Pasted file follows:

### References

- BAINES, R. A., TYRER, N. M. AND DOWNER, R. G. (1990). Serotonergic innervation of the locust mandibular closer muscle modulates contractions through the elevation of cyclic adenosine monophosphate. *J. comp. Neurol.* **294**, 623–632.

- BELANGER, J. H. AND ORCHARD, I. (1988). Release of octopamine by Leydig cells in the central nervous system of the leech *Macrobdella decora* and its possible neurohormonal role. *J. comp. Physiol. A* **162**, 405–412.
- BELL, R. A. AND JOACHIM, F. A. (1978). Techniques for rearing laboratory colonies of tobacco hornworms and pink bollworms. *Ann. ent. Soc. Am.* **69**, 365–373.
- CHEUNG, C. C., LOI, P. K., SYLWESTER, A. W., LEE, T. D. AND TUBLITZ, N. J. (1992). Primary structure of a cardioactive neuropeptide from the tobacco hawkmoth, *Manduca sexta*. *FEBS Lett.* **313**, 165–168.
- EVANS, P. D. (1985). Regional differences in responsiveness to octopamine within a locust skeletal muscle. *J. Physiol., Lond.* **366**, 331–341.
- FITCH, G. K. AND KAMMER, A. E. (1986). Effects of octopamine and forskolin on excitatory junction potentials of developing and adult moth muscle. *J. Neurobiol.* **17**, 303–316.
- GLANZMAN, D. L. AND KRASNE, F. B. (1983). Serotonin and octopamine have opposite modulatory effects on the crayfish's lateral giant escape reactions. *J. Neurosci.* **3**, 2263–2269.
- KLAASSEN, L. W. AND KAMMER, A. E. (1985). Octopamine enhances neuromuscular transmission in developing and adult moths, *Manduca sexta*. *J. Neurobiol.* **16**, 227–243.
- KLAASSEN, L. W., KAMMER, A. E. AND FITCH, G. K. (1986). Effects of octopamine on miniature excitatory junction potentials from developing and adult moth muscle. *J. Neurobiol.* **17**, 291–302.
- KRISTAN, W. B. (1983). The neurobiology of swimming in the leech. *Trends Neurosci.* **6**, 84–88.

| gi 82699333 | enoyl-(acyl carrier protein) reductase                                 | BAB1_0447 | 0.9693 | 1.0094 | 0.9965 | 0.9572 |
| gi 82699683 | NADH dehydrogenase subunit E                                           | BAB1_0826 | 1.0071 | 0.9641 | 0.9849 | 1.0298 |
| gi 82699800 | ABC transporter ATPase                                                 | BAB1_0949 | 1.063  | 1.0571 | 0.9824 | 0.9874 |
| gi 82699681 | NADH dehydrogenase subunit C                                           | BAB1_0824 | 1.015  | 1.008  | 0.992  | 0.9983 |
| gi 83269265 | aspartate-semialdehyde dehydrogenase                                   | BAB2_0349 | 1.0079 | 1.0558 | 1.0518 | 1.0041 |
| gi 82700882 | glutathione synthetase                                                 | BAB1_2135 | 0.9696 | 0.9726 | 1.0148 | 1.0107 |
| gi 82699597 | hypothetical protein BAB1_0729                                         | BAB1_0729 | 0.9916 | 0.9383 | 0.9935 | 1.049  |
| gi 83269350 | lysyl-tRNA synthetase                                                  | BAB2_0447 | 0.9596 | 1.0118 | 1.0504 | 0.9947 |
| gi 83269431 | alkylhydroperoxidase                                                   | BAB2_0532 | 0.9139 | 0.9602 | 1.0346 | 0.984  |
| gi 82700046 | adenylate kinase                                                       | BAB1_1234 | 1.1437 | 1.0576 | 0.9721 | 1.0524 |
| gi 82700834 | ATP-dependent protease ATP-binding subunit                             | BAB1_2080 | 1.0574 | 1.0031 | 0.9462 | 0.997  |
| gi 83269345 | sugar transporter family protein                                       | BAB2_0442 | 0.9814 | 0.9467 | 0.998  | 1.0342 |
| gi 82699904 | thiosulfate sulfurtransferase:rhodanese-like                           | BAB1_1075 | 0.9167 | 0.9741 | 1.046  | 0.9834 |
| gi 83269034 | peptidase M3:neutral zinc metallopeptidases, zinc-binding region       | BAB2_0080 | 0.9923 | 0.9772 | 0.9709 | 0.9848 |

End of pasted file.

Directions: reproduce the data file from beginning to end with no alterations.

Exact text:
### References

- BAINES, R. A., TYRER, N. M. AND DOWNER, R. G. (1990). Serotonergic innervation of the locust mandibular closer muscle modulates contractions through the elevation of cyclic adenosine monophosphate. *J. comp. Neurol.* **294**, 623–632.

- BELANGER, J. H. AND ORCHARD, I. (1988). Release of octopamine by Leydig cells in the central nervous system of the leech *Macrobdella decora* and its possible neurohormonal role. *J. comp. Physiol. A* **162**, 405–412.
- BELL, R. A. AND JOACHIM, F. A. (1978). Techniques for rearing laboratory colonies of tobacco hornworms and pink bollworms. *Ann. ent. Soc. Am.* **69**, 365–373.
- CHEUNG, C. C., LOI, P. K., SYLWESTER, A. W., LEE, T. D. AND TUBLITZ, N. J. (1992). Primary structure of a cardioactive neuropeptide from the tobacco hawkmoth, *Manduca sexta*. *FEBS Lett.* **313**, 165–168.
- EVANS, P. D. (1985). Regional differences in responsiveness to octopamine within a locust skeletal muscle. *J. Physiol., Lond.* **366**, 331–341.
- FITCH, G. K. AND KAMMER, A. E. (1986). Effects of octopamine and forskolin on excitatory junction potentials of developing and adult moth muscle. *J. Neurobiol.* **17**, 303–316.
- GLANZMAN, D. L. AND KRASNE, F. B. (1983). Serotonin and octopamine have opposite modulatory effects on the crayfish's lateral giant escape reactions. *J. Neurosci.* **3**, 2263–2269.
- KLAASSEN, L. W. AND KAMMER, A. E. (1985). Octopamine enhances neuromuscular transmission in developing and adult moths, *Manduca sexta*. *J. Neurobiol.* **16**, 227–243.
- KLAASSEN, L. W., KAMMER, A. E. AND FITCH, G. K. (1986). Effects of octopamine on miniature excitatory junction potentials from developing and adult moth muscle. *J. Neurobiol.* **17**, 291–302.
- KRISTAN, W. B. (1983). The neurobiology of swimming in the leech. *Trends Neurosci.* **6**, 84–88.

| gi 82699333 | enoyl-(acyl carrier protein) reductase                                 | BAB1_0447 | 0.9693 | 1.0094 | 0.9965 | 0.9572 |
| gi 82699683 | NADH dehydrogenase subunit E                                           | BAB1_0826 | 1.0071 | 0.9641 | 0.9849 | 1.0298 |
| gi 82699800 | ABC transporter ATPase                                                 | BAB1_0949 | 1.063  | 1.0571 | 0.9824 | 0.9874 |
| gi 82699681 | NADH dehydrogenase subunit C                                           | BAB1_0824 | 1.015  | 1.008  | 0.992  | 0.9983 |
| gi 83269265 | aspartate-semialdehyde dehydrogenase                                   | BAB2_0349 | 1.0079 | 1.0558 | 1.0518 | 1.0041 |
| gi 82700882 | glutathione synthetase                                                 | BAB1_2135 | 0.9696 | 0.9726 | 1.0148 | 1.0107 |
| gi 82699597 | hypothetical protein BAB1_0729                                         | BAB1_0729 | 0.9916 | 0.9383 | 0.9935 | 1.049  |
| gi 83269350 | lysyl-tRNA synthetase                                                  | BAB2_0447 | 0.9596 | 1.0118 | 1.0504 | 0.9947 |
| gi 83269431 | alkylhydroperoxidase                                                   | BAB2_0532 | 0.9139 | 0.9602 | 1.0346 | 0.984  |
| gi 82700046 | adenylate kinase                                                       | BAB1_1234 | 1.1437 | 1.0576 | 0.9721 | 1.0524 |
| gi 82700834 | ATP-dependent protease ATP-binding subunit                             | BAB1_2080 | 1.0574 | 1.0031 | 0.9462 | 0.997  |
| gi 83269345 | sugar transporter family protein                                       | BAB2_0442 | 0.9814 | 0.9467 | 0.998  | 1.0342 |
| gi 82699904 | thiosulfate sulfurtransferase:rhodanese-like                           | BAB1_1075 | 0.9167 | 0.9741 | 1.046  | 0.9834 |
| gi 83269034 | peptidase M3:neutral zinc metallopeptidases, zinc-binding region       | BAB2_0080 | 0.9923 | 0.9772 | 0.9709 | 0.9848 |